Farming innovation beats legislation

The methane debate is hotting up in New Zealand as livestock farmers face a bevy of regulations and legislation driving conversion of hill country farms into forestry and carbon farming (often foreign owned).

We are not alone in legislative change. The Dutch Government has made an announcement that they will buy back 2000 to 3000 farms, the "peak-polluters" (mostly dairy, pig and poultry), in a bid to comply with controversial targets to reduce nitrogen run-off.

These initiatives show that reducing methane and nitrogen are global problems, but action may be driven from an ideological stance. This was highlighted by agricultural public relations specialist George Lyon when he compared the United States’ approach with Europe’s.

"The US is saying they can reduce livestock emissions while producing more food and we’re going to do it through technology and innovation ... While Europe is taking the clunky and legislative route, where they are banning certain activities and trying to prevent other countries from doing them."

Clunky legislation has had immediate impact on land use in New Zealand, quantified in a recent report by Orme & Associates (commissioned by Beef + Lamb New Zealand), which shows more than 52,000ha of land was bought by forestry interests in 2021, a 36% increase on the previous two years, and up from 7000ha in 2017. Much of this land has been bought as "carbon farms" and is unlikely to be harvested as timber. Indications (word on the street) is the rate of sales has continued to increase in 2022, forcing prices out of kilter with sheep and beef returns.

In an ideal world, lesser gullies and south-facing properties would be planted with a mix of tree species to capture carbon and productive slopes would remain in food production. In reality, entire food-producing properties are being planted in one or two tree species. What makes this more worrying is big corporates, like Ikea, are "greening" their books by buying New Zealand land and planting forestry — how can this ever be good for New Zealand? How have we let this happen and what is the alternative?

New Zealand farming is known for its innovation. Removal of subsidies in the ’80s led to a sharp and savvy sector — the envy of farmers and governments worldwide. It also created a sector which, after years of doing its own thing, struggles with being told what to do, causing an unsurprising backlash against government interference.

Where are we placed on the Europe versus US spectrum of legislation versus innovation? I think our sector leans towards the side of innovation, but our policymakers have lost touch with that and our primary sector industries have been too slow to invest.

How can the Government shift gears? Firstly, by incentivising methane-busting inventors (I am not talking compliance-heavy R&D tax relief here). Secondly, by incentivising farmers who are motivated to take up new technologies. Thirdly, by investing in land-use change activities that complement existing industries, supporting new industries to grow beyond cottage size. The industry leaders need to really step up too and significantly invest in change. New Zealand industry and private sector investment in R&D is well below world averages.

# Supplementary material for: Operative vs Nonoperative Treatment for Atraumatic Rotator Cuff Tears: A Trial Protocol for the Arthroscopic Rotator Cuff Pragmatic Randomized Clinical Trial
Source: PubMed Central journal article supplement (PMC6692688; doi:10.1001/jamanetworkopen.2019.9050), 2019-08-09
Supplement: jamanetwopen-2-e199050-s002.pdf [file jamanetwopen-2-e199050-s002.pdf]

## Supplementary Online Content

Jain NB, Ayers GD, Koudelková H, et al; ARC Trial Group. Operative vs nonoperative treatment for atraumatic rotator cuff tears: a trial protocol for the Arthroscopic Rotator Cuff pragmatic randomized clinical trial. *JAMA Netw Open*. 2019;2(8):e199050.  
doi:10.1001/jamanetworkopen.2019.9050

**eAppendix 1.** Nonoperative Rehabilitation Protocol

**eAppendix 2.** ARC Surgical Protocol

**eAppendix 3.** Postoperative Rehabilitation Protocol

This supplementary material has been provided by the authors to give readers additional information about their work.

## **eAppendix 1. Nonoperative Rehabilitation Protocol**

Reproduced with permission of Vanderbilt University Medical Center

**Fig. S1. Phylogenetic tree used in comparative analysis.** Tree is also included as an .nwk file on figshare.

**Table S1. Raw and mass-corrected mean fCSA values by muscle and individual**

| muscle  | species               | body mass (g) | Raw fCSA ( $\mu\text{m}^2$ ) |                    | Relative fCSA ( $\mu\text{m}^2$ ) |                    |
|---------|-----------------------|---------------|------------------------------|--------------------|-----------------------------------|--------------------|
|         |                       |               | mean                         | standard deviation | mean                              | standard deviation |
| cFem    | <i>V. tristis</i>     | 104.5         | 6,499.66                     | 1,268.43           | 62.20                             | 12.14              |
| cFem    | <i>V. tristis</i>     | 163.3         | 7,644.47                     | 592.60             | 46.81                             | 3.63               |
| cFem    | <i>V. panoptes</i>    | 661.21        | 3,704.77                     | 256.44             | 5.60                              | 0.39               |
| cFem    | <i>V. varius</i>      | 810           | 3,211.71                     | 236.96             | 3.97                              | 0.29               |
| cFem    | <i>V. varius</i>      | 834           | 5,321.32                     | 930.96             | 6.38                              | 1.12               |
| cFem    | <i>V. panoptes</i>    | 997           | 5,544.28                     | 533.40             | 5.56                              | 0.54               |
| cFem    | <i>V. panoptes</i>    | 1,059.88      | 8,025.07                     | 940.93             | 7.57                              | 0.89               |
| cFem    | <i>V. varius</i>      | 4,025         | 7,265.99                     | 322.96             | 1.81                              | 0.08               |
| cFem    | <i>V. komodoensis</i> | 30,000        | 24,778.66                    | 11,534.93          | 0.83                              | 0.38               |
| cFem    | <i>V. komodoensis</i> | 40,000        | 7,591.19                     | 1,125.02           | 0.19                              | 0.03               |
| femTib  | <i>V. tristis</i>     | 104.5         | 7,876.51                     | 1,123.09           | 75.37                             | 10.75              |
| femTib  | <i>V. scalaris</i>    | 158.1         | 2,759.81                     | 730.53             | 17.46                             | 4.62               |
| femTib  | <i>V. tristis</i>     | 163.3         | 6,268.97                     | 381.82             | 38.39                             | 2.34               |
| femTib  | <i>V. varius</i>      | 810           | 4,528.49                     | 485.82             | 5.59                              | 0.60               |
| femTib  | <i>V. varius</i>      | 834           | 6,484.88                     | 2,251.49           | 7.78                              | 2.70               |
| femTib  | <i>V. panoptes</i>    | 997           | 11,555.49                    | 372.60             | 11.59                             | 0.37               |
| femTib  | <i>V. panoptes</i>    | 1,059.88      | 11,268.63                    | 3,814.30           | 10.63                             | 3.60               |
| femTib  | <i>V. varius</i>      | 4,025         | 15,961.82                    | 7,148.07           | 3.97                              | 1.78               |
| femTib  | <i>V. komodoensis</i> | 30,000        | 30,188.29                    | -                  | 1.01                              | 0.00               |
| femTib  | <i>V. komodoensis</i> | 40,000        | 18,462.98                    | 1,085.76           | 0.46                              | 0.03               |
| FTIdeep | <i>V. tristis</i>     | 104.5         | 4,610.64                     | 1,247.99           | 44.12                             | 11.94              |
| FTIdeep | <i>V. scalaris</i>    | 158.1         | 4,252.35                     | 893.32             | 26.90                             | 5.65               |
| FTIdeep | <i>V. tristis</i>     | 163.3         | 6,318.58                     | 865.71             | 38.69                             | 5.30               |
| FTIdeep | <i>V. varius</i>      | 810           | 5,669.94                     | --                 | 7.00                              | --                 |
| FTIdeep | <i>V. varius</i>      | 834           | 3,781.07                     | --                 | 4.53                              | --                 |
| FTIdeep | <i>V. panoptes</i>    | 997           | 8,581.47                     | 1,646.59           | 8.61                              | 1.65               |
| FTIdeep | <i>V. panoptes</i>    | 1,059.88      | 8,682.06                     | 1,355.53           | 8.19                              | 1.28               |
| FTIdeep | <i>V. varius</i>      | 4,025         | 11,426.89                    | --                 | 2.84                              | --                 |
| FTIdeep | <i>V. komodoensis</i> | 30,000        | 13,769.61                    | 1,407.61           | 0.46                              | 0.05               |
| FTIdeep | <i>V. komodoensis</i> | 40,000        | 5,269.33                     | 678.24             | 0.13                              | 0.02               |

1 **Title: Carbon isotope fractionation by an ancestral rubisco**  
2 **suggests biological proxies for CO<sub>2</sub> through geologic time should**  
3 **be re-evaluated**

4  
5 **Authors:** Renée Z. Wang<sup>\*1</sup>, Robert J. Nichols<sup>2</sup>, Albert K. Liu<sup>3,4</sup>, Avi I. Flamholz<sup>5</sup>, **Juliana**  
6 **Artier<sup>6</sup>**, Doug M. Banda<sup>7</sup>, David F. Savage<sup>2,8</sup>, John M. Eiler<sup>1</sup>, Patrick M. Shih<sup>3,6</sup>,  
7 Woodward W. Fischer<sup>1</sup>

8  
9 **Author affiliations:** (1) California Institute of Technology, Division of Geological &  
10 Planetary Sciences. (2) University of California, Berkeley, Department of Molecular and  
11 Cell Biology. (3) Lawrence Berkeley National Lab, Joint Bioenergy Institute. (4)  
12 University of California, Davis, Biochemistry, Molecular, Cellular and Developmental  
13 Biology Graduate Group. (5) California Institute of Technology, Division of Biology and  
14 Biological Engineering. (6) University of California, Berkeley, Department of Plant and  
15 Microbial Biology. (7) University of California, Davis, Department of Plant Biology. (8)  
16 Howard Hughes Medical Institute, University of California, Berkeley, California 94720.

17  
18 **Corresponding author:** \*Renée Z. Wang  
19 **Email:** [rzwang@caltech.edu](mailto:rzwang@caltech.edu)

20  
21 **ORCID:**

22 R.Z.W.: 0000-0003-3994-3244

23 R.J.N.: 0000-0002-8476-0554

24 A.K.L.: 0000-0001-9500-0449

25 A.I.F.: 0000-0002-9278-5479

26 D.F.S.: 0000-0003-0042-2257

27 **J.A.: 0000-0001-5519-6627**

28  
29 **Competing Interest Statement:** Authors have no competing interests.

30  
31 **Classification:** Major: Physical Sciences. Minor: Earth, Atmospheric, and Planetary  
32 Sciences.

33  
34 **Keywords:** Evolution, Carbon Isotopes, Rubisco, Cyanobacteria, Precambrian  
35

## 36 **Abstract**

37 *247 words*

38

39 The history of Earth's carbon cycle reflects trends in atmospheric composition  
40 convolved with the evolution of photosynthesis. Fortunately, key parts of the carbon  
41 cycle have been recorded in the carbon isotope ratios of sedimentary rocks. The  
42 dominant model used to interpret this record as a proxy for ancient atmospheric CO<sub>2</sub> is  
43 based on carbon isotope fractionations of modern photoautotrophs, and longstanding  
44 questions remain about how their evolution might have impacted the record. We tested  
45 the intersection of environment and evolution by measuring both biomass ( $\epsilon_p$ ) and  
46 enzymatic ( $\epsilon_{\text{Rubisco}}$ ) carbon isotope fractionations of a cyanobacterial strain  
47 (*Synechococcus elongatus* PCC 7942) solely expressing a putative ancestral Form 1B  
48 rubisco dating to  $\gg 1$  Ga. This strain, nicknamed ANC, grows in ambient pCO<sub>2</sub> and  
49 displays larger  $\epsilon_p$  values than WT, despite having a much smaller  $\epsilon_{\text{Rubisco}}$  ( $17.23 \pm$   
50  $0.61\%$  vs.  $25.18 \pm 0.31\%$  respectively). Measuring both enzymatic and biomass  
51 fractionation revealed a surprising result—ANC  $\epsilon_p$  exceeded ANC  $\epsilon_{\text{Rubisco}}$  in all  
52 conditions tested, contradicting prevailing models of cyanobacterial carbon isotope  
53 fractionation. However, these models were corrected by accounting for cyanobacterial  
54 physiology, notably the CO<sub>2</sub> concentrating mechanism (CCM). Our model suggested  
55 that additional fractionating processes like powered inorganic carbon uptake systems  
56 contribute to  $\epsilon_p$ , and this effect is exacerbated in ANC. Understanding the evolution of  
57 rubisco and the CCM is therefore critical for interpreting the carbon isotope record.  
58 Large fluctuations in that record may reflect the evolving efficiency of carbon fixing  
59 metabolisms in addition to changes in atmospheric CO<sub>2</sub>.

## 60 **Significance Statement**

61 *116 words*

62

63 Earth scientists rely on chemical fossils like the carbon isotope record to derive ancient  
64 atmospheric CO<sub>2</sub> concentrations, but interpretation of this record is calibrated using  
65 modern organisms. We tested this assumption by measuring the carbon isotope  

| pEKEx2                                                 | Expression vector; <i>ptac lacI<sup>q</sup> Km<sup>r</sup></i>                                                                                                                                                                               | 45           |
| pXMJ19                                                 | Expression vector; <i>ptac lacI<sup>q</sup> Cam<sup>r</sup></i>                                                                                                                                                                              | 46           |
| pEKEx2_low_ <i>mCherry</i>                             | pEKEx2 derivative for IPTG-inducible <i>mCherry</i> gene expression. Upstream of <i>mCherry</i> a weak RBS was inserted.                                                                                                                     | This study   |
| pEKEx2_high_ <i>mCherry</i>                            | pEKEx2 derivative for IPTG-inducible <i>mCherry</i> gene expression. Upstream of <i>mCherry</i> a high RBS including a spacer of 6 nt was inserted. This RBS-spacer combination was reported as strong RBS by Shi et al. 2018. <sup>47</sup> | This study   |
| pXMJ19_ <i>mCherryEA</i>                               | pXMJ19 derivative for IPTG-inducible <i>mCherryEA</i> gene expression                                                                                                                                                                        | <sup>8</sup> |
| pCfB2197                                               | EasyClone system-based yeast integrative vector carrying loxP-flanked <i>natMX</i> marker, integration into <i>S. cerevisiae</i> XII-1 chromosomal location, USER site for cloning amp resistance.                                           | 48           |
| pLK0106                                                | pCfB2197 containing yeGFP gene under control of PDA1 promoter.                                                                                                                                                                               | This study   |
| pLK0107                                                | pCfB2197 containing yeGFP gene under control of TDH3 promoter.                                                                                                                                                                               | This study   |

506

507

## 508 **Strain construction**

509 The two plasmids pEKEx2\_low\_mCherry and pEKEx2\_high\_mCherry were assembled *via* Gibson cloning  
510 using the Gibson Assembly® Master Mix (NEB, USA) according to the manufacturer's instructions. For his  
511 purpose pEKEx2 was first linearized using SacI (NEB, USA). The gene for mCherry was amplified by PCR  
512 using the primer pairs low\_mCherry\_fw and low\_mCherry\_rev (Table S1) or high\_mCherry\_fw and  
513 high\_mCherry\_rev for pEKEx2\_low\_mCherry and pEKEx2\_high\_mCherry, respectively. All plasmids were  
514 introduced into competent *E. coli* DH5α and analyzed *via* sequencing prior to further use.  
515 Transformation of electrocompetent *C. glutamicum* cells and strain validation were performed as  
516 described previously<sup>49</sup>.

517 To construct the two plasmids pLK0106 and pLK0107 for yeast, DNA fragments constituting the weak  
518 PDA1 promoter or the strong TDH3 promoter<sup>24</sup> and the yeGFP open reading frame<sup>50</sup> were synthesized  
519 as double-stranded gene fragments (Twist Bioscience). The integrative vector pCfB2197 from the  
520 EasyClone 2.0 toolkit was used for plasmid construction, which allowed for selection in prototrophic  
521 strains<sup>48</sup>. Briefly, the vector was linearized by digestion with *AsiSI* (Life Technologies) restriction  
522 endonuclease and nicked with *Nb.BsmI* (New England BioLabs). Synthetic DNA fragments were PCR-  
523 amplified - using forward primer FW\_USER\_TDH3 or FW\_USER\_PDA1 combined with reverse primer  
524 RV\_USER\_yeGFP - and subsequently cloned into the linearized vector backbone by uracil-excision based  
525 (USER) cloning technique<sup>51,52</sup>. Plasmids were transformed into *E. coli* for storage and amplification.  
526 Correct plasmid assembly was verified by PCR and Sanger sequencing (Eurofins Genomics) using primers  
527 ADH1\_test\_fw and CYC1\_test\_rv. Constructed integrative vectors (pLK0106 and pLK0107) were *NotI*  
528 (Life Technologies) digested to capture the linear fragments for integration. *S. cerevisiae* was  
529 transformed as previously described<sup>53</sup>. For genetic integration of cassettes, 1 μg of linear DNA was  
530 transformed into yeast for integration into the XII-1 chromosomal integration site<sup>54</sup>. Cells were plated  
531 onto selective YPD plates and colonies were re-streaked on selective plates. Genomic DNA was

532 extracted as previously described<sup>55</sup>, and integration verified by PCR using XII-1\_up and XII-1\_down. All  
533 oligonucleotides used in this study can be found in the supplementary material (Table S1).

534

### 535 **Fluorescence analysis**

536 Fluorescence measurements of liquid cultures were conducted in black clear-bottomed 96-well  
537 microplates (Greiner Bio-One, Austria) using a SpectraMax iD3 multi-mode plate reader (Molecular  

International pressure will not wane, in fact it will grow. Environmental campaigner George Monbiot, a critic of New Zealand’s extensive farming systems, states that "every hectare of land we use for our extractive industries is a hectare of land that can’t be used for wild ecosystems, such as forests or wetlands or savannahs or natural grasslands, on which the great majority of the world’s species depend".

What he misses is that it doesn’t have to be an either-or scenario. New Zealand farming, particularly sheep and beef, can and does exist alongside forests, wetlands and natural grasslands. Native species can be successfully planted and grazed by livestock. Agroforestry and biodiverse farms can be productive enterprises. For this to happen, we must ensure they are kept under New Zealand ownership and invest in promising public and private-sector environmental technologies and farm-system changes. Sheep and beef farming in New Zealand is heading towards a tipping point in viability. This may, or may not, be reached before we realise that whole foods and natural fibre are important to us.

I would hate this to be solely in the hands of any government, whichever party. Industry and private enterprise needs to step up and invest — fast — and the Government needs to incentivise this. The independent entrepreneurial face of our farming sector must not be lost. Let’s sit on the side of innovation, not legislation.

 - Anna Campbell is a co-founder of Zestt Wellness, a nutraceutical company. She also holds various directorships.